In the last decade, we have seen the decriminalisation of marijuana in Canada, Holland, parts of Europe, Uruguay and 16 states within the USA. Voters in the states of Colorado and Washington approved referendums that support the legalisation of marijuana on a recreational basis.
Amendment 64 in Colorado will amend the state constitution to legalise and regulate the production, possession, and distribution of marijuana for people age 21 and older.
The Washington referendum called for a 25 percent tax rate imposed on the product three times: when the grower sells it to the processor, when the processor sells it to the retailer, and when the retailer sells it to the customer. The measure, Initiative 502, will legalise and regulate the production, possession, and distribution of cannabis for people age 21 and older.
Indeed, 2014 will see the legalisation movement gaining greater political strength in Jamaica and across the Caribbean. Proponents of decriminalisation emphasise that marijuana is a safe drug with beneficial health effects and that decriminalisation results in considerable savings to the criminal justice systems. On the other hand, opponents of decriminalisation highlight the adverse health effects associated with the drug, the potential for dependence, the possible increase in drug use and other negative socioeconomic impact.
In the Caribbean, Jamaica has placed great emphasis and spent millions of dollars in the eradication and interdiction of marijuana throughout the years. Decriminalisation could reduce the country’s spending on policing and enforcement of legislation aimed at criminalising marijuana use. Less government funds would be required to channel into the criminal justice system for arresting, prosecuting, sentencing and incarcerating marijuana users. The resources saved in this way may therefore be used in properly protecting Jamaica’s borders from cocaine traffickers and regulating the production, possession and distribution of marijuana for people age 21 and older.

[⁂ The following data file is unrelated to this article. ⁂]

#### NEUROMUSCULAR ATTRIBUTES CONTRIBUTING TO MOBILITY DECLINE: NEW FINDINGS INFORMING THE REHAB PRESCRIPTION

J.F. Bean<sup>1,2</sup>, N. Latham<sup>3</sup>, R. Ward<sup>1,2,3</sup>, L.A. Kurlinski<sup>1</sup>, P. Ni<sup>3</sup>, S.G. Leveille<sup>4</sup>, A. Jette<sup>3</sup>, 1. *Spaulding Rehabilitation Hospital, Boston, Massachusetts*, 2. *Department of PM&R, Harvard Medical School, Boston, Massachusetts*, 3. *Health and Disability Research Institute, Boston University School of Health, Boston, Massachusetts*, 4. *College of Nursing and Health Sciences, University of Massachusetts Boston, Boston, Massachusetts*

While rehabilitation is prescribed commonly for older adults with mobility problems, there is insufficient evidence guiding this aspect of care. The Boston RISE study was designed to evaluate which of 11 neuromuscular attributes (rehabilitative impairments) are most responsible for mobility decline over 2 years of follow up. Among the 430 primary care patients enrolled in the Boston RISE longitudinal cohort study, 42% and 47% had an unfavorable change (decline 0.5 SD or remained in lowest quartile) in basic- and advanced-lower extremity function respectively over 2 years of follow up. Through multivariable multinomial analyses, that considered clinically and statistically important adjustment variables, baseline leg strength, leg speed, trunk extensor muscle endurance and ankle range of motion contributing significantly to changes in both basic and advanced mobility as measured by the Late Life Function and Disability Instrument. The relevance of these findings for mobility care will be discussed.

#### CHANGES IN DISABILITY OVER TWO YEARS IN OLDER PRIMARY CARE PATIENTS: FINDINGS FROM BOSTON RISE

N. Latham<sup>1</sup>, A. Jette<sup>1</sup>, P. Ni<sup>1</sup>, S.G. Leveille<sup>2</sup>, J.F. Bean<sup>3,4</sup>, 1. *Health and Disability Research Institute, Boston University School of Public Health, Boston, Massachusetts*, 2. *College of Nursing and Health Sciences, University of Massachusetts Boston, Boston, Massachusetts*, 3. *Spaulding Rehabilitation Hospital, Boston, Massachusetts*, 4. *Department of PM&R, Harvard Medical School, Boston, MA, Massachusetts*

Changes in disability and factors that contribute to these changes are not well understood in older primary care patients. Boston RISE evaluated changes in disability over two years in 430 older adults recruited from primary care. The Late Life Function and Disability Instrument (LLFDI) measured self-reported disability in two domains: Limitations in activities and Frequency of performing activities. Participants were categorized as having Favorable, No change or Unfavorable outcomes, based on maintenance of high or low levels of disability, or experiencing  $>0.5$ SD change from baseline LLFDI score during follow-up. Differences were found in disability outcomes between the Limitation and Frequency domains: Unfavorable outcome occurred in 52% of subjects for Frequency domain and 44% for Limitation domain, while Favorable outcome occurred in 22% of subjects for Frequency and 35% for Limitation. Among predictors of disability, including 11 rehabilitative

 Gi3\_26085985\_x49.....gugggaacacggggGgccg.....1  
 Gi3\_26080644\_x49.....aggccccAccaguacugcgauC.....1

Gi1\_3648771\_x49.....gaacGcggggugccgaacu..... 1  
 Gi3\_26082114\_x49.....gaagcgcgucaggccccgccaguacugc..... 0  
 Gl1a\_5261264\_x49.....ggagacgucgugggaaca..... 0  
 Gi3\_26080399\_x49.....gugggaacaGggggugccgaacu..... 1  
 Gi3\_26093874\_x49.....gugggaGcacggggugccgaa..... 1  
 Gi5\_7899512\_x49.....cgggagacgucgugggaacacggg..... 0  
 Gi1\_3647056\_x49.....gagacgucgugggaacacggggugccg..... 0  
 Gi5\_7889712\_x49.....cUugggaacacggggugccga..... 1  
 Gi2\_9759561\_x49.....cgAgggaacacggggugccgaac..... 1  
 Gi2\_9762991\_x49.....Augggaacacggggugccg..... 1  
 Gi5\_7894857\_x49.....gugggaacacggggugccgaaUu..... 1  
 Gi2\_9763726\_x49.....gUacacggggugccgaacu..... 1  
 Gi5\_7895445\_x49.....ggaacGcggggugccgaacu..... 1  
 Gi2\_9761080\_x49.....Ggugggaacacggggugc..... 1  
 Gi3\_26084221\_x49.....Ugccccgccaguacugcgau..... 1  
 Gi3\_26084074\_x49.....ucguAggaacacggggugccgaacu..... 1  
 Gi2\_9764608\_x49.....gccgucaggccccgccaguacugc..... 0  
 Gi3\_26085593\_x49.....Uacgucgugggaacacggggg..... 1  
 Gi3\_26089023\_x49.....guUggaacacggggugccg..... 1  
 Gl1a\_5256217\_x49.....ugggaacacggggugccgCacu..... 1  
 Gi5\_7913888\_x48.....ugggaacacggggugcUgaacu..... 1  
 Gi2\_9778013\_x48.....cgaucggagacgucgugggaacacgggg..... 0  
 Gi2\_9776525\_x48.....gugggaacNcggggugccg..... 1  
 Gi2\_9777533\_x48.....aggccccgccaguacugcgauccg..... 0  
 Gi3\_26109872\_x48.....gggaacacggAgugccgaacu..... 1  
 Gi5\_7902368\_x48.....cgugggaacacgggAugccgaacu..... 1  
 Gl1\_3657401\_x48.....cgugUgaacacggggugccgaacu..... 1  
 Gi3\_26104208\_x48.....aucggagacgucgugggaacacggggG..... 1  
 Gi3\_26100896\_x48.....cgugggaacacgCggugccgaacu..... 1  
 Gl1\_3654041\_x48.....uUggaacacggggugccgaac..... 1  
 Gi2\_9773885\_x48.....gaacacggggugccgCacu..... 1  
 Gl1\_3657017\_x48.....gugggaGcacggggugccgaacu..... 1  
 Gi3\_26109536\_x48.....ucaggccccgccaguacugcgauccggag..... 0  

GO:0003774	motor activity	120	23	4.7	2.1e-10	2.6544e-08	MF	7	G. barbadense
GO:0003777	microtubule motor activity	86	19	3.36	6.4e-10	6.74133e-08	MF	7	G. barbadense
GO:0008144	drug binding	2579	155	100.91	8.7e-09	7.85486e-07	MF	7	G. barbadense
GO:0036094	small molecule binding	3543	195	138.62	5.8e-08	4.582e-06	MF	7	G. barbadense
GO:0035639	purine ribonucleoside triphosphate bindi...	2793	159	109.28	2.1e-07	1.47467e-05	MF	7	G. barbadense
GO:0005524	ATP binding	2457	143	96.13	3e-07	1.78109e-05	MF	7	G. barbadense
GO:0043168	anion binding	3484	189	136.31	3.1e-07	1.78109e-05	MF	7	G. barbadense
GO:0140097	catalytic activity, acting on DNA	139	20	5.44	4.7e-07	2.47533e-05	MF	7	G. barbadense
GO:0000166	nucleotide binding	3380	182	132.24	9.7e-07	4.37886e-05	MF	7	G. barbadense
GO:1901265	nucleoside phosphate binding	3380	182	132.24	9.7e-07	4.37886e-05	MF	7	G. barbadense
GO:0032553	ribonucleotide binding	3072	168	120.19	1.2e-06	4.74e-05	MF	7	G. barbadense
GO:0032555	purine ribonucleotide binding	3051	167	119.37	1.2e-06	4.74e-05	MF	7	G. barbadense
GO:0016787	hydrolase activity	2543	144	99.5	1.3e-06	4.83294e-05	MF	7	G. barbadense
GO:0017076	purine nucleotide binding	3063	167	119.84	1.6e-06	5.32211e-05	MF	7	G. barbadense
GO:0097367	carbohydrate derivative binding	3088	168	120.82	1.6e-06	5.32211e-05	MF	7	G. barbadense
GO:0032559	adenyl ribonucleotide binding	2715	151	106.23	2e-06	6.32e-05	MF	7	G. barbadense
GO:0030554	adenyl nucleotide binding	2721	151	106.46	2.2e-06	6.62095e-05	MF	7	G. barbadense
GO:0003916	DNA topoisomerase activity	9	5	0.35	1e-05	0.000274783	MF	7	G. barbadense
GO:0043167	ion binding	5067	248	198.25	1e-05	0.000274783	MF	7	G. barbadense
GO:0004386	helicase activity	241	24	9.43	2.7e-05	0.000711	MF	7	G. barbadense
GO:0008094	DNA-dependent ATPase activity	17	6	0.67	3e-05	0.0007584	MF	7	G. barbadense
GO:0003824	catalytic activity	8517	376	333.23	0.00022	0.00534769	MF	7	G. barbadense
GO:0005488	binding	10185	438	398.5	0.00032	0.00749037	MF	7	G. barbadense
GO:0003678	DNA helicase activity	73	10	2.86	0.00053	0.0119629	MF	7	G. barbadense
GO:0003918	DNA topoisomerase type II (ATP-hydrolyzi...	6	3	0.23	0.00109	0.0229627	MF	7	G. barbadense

Further legalisation of marijuana is likely to increase the supply of marijuana and as the law of demand dictates, an increase in the supply will reduce prices. This is probably an effective way to remove the profits out of drug trafficking and force traffickers out of business.
Jamaica is recognised as producing and consuming the highest quantity of marijuana in the Caribbean, and during 1981-2000 was recorded as the number one producer in the world (Caribbean Drug Trends 2000- 2001). The US in its 2014 International Narcotics Strategy Report noted that Jamaica remains the largest Caribbean supplier of marijuana to the US and other Caribbean islands.
The Jamaica Customs Agency seizure records 2009- 2012 indicated that 10,551.0352 kgs of marijuana valued at J$4,611,883,295.98 and 2,967.11 kgs valued at J$1,261,021,750 (2013) were seized by the Contraband Enforcement Team. National Security Minister Peter Bunting in his 2014/2015 sectorial presentation to Parliament indicated that the Transnational and Narcotics Division seized 30, 769 kgs of marijuana in 2013. Now can you imagine if the exportation of marijuana were legal the potential new revenues for the government?
Marijuana has and continues to contribute directly and indirectly to the Jamaican economy and has the potential to contribute greater to the stabilisation of the economy and put average Jamaicans to work. The proceeds from illicit drugs is said to contribute 7.5 percent to Jamaica’s GDP (The Economist, March 8, 2008).